Keeping Phytophthora Out

March 11, 2019

With soybean acreage growth in Western Canada, the prevalence of soybean pests is also on the rise. Phytophthora is an aggressive fungal disease that can significantly affect soybean production. “It’s definitely spread through most of the province,” says Brett Graham, Seedcare specialist with Syngenta based in Manitoba. “I’ve seen it up by Dauphin, even on the west side of the province, when typically it was mostly in the Red River Valley.”

As Graham explains, Phytophthora is a water mould that thrives in wet conditions. Saturated soils allow the zoospores produced by the pathogen to swim to nearby plants and infect them, causing the disease to spread in moist areas of a field. An early-season Phytophthora infection causes damping off or seedling blight that can result in reduced stands – something that can be easily misdiagnosed as seeding misses or other diseases. Graham suggests an easy way to test for the damaging disease: “If you’re looking for Phytophthora, pull a dead plant out of the ground. An infected plant will typically come out quite easily and you'll notice that the root below the surface is pinched off, but the best way to identify is with a lab test.”

Race-specific resistance

According to Graham, “there’s nothing we can do to eliminate Phytophthora once it has set in.” Instead, he suggests that prevention is the best approach.

“The biggest thing we can do is try to reduce the pressure in our fields. There’s a number of different ways to do that. The genetics we use is one of the main ones,” he says.

Graham advises planting resistant varieties. Many soybean varieties have race-specific resistance genes (Rps genes), which provide resistance to specific strains of Phytophthora. “The toughest thing about Phytophthora is that we don’t know what strains are in our field, so in order to try and select a certain genetic resistance, we’re really just playing the guessing game,” he says. For this reason, growers should keep good records.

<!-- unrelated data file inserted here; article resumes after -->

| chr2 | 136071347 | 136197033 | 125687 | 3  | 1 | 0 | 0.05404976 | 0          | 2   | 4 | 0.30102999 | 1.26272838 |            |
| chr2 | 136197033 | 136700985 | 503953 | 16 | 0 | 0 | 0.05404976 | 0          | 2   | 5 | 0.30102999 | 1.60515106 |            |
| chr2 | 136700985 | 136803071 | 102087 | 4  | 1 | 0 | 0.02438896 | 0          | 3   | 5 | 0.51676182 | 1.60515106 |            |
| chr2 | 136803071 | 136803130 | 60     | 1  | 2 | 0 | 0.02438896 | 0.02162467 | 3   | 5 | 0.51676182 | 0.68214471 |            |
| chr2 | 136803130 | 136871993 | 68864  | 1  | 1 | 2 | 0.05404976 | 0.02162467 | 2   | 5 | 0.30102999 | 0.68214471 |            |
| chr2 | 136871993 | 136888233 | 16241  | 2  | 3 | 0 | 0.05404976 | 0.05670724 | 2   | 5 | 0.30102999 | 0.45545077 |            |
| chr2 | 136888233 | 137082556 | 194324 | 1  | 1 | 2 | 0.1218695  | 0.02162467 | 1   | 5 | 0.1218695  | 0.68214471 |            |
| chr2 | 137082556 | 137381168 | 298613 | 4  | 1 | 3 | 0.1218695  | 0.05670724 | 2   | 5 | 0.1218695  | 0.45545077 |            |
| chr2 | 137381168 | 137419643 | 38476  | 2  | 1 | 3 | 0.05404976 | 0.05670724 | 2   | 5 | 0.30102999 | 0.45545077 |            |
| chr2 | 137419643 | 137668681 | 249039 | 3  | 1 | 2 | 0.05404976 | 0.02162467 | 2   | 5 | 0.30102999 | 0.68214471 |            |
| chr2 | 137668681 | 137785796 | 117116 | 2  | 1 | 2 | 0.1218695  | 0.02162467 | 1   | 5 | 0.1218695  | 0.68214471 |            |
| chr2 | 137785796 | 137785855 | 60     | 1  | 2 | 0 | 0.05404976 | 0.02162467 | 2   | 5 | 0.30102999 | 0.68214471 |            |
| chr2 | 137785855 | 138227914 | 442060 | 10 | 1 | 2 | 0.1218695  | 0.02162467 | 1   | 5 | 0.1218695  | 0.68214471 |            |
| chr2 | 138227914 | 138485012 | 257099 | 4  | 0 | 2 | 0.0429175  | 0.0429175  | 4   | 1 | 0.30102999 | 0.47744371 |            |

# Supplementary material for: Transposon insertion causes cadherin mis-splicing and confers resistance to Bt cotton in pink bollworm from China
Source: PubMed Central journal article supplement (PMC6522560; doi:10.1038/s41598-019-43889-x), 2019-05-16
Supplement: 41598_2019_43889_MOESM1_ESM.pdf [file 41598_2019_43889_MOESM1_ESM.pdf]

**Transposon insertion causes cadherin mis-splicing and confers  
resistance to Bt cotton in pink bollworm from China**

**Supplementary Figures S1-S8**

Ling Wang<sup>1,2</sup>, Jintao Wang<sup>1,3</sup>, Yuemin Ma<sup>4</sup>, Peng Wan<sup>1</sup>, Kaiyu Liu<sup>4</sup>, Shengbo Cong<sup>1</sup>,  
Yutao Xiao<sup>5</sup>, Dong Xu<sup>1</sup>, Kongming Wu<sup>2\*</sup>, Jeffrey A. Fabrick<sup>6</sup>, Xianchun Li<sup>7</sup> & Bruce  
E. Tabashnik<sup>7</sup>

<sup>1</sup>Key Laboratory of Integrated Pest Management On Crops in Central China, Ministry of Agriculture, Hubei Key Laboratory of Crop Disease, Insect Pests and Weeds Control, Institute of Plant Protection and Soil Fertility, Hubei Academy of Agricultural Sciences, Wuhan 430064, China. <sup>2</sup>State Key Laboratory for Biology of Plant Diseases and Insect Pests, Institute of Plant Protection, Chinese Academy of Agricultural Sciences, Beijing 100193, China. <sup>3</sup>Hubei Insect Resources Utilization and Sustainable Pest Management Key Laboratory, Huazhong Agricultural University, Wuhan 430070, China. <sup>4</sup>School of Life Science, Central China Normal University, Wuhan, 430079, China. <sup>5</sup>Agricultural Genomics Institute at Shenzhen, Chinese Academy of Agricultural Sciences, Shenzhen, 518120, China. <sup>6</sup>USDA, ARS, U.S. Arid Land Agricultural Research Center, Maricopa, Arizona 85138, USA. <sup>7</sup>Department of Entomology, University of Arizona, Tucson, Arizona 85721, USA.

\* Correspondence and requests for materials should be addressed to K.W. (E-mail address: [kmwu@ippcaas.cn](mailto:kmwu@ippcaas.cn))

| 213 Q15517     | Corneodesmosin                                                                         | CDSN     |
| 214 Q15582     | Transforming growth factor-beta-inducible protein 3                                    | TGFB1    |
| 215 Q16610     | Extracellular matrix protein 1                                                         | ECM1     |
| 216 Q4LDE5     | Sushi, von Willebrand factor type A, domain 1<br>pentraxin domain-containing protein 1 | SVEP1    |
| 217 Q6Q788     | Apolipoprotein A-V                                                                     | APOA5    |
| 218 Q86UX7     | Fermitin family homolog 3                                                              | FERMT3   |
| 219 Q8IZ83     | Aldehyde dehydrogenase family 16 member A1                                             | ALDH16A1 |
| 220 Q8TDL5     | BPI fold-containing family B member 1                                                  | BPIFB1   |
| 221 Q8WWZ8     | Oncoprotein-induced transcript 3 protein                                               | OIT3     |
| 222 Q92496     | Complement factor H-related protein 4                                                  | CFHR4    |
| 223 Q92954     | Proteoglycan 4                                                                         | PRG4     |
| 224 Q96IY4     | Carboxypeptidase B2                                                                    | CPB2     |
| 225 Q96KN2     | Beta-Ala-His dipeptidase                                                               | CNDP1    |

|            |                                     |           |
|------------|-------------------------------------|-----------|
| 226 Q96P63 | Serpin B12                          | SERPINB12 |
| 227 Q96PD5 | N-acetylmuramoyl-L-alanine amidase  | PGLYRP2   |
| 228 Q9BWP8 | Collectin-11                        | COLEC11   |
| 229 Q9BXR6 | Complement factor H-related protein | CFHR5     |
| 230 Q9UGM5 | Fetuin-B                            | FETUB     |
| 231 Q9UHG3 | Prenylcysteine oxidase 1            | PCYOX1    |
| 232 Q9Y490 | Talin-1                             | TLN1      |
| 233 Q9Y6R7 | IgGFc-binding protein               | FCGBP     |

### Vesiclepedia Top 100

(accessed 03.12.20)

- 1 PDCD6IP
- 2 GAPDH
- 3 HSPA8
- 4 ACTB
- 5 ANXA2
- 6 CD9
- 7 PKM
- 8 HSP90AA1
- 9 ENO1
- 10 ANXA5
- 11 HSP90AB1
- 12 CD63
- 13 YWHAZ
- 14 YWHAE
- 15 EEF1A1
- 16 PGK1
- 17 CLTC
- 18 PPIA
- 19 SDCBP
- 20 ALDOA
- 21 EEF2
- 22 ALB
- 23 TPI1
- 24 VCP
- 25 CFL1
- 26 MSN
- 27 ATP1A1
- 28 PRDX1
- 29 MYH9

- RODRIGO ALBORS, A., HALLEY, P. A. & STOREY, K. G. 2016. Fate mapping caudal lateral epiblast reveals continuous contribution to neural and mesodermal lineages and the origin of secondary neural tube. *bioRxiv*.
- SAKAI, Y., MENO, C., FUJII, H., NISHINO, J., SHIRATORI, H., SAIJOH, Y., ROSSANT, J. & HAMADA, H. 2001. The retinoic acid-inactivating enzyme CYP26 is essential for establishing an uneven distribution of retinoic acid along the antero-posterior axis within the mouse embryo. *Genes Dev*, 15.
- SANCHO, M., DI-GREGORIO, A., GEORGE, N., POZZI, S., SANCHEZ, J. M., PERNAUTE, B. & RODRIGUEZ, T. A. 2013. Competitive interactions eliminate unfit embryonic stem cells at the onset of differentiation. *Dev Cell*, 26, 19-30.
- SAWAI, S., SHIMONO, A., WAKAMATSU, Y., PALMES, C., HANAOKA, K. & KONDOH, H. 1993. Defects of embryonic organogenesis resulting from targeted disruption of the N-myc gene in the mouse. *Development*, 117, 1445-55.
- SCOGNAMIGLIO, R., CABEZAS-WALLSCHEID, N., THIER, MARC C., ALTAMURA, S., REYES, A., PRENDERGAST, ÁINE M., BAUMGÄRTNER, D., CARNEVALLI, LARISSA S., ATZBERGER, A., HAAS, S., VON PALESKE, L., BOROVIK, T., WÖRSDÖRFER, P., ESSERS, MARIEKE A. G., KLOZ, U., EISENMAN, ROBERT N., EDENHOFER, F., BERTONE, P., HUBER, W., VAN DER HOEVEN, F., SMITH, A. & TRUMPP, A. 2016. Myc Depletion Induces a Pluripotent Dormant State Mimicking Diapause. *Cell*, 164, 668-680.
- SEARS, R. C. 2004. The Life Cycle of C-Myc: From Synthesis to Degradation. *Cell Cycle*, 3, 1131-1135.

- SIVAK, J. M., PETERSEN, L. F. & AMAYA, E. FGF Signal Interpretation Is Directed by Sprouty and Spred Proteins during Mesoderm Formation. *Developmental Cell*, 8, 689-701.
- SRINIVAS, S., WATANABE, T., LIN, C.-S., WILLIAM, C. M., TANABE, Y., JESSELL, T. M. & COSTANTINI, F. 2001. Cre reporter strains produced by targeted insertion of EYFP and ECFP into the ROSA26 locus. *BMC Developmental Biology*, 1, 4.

“When you see Phytophthora show up, take note of what Rps gene your variety has, if any, and keep that written down. Next time you’re on that field pick a variety that has a different gene resistant to different strains than the original,” he says.

Field tolerance ratings

Most soybean varieties are also rated for their level of partial resistance or field tolerance. These ratings are determined by entering the varieties into Phytophthora ponds.

“Basically, breeders know there are certain strains present in each pond, so they’ll plant different varieties in rows and flood the ponds to induce high pressure Phytophthora. Then the breeders come back and rate how the varieties survive on heavily-infected ground,” says Graham.

Seedling protection

Aside from genetics, seeds treatments play a major role in helping prevent early-season Phytophthora. “If you think of a small plant like a small child, their immune system isn’t as strong – it’s the same thing with a plant. The field tolerance isn’t expressed as strongly in that small plant as it starts growing. That’s where seed treatments really come in to help protect that seedling.”

Graham concludes with a prevention message. “There are a lot of different options to help combat Phytophthora, but it’s really just understanding what’s going on in that field and working to prevent the disease from thriving rather than just letting it happen.”

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